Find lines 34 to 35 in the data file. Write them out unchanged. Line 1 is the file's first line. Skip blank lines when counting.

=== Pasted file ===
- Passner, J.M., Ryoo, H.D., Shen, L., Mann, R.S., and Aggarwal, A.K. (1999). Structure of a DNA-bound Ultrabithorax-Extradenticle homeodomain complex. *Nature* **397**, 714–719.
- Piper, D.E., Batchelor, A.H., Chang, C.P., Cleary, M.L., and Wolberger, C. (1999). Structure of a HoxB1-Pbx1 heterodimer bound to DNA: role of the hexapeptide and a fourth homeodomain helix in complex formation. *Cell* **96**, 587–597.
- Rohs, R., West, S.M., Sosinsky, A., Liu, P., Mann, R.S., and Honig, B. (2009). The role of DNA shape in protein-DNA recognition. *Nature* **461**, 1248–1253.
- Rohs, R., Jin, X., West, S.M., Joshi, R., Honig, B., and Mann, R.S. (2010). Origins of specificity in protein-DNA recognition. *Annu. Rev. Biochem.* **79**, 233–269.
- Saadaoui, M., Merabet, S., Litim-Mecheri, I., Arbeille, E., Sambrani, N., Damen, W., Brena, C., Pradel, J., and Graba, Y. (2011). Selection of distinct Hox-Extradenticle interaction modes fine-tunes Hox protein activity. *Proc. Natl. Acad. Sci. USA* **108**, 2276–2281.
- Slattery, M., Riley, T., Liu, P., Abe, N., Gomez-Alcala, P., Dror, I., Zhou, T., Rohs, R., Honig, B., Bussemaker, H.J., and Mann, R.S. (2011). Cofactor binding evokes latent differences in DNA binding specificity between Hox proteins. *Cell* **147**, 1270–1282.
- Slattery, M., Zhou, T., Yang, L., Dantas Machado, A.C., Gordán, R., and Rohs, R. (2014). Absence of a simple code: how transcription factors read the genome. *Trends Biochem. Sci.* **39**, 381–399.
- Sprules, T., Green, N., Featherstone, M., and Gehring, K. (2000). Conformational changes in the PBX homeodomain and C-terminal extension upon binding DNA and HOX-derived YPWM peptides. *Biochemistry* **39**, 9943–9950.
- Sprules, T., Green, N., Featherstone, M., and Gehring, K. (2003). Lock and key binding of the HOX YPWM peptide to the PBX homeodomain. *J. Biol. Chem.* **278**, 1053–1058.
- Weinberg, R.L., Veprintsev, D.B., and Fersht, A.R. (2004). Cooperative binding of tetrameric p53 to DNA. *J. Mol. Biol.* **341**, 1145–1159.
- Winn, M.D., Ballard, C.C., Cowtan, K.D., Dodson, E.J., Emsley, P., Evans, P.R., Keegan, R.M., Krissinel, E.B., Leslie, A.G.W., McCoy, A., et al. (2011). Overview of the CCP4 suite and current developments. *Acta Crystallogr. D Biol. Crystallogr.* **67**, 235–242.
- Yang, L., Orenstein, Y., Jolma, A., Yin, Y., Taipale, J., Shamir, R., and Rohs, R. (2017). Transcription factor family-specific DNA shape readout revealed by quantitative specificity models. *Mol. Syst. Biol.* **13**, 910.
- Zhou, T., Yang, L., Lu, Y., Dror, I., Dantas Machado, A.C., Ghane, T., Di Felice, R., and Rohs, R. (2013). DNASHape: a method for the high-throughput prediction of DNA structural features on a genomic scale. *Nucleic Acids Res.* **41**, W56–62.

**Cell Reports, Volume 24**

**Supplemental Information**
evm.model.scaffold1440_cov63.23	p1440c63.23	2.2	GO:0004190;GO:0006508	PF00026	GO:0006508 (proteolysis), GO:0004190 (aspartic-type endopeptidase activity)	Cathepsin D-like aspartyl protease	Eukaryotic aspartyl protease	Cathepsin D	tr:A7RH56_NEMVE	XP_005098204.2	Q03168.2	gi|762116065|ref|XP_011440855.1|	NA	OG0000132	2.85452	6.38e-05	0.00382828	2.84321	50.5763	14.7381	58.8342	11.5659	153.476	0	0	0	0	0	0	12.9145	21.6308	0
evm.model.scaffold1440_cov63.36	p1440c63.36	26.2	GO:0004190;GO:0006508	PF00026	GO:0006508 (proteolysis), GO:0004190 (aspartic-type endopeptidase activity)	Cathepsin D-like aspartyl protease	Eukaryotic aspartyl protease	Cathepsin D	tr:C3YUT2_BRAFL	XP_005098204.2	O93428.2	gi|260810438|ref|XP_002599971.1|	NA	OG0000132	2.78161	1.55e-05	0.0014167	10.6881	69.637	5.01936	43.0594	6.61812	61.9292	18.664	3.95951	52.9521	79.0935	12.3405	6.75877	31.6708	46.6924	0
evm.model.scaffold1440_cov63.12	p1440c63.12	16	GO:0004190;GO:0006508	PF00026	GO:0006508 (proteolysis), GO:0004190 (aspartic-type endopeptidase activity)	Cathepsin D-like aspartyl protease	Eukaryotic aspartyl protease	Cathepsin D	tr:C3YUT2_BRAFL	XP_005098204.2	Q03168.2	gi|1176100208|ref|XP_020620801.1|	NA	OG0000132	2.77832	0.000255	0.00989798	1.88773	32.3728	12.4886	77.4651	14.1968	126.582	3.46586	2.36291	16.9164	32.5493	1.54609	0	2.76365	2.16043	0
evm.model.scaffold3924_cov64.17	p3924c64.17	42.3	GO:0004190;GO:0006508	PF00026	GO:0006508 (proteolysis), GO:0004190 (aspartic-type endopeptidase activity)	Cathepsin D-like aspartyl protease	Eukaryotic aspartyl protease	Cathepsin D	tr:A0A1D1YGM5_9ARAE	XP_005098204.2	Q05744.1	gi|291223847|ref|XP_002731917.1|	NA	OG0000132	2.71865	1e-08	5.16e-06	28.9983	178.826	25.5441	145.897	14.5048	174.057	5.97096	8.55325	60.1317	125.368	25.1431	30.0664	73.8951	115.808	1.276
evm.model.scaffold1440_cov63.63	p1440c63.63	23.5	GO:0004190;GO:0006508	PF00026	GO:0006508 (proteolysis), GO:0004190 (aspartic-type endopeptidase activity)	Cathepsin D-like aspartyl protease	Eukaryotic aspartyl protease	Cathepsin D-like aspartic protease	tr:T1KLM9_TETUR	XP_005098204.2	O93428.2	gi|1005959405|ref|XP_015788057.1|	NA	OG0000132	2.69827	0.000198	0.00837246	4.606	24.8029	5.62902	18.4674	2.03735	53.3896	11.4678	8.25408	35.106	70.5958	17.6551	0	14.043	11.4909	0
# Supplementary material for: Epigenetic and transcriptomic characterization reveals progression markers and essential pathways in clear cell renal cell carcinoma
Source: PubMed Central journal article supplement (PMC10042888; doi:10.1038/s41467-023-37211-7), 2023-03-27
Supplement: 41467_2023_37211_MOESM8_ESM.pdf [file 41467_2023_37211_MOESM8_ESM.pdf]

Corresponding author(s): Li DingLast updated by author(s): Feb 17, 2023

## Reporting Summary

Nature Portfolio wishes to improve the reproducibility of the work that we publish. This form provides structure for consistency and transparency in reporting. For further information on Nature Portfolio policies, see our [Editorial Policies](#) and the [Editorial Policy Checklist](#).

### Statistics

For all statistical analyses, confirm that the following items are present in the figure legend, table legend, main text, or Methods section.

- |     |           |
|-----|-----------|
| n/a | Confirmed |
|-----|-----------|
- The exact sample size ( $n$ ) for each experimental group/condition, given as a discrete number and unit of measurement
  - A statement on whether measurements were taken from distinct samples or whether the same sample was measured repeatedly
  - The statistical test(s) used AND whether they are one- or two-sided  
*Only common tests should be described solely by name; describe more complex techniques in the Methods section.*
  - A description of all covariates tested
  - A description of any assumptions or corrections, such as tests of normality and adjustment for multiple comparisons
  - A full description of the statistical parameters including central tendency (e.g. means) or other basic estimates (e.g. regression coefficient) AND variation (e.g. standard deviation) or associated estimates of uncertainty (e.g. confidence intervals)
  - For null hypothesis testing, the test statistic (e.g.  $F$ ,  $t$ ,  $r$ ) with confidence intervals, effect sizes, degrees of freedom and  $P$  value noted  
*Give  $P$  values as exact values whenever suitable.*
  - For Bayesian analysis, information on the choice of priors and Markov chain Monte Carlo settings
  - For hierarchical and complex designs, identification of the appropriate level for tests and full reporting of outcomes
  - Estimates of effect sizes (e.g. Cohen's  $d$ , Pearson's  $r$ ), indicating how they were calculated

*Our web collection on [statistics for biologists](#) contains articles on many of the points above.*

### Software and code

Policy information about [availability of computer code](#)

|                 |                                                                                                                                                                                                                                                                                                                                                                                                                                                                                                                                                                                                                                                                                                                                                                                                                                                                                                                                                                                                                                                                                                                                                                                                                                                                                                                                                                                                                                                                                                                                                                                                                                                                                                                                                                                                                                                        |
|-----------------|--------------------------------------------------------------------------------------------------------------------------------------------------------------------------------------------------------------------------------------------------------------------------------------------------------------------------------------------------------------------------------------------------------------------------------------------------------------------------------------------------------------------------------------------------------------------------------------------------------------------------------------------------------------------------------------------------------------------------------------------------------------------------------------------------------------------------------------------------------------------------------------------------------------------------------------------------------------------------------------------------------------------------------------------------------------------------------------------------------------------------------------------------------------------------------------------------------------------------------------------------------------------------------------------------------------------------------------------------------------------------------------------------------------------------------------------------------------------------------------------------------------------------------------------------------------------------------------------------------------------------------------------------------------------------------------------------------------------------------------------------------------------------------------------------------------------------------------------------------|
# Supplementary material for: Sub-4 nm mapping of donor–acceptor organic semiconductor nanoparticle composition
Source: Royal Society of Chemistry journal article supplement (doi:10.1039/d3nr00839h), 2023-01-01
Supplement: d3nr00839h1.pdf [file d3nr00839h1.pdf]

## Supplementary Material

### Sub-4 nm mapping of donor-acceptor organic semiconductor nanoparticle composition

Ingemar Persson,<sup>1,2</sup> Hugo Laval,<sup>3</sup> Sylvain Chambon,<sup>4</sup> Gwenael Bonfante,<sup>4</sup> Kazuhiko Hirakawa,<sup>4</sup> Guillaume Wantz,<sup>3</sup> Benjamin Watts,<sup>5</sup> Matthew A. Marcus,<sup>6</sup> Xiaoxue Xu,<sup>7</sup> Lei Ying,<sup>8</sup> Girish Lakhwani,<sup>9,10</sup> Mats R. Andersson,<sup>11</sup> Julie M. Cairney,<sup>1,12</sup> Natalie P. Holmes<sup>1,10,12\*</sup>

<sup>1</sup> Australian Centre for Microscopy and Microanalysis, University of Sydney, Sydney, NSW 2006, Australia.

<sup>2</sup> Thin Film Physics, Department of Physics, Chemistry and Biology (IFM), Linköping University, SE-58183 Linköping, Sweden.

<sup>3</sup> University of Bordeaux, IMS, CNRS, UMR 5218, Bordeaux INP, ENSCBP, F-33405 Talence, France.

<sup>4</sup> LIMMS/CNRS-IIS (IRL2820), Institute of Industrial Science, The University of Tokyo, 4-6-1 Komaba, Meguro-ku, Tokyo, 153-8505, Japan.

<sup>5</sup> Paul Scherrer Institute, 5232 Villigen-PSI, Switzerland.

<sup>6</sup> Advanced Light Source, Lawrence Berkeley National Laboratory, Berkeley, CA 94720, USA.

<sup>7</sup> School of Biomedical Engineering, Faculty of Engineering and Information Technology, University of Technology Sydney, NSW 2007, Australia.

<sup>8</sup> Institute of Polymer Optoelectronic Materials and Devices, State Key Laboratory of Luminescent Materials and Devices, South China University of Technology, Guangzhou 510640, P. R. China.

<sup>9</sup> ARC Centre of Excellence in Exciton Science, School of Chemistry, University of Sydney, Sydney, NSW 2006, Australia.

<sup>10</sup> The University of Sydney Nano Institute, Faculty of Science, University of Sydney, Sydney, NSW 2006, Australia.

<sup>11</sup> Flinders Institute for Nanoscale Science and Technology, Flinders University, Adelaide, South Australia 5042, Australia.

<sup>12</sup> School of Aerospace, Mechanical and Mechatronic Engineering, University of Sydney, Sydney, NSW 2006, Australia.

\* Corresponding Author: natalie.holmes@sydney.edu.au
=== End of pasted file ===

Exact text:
  - A statement on whether measurements were taken from distinct samples or whether the same sample was measured repeatedly
  - The statistical test(s) used AND whether they are one- or two-sided  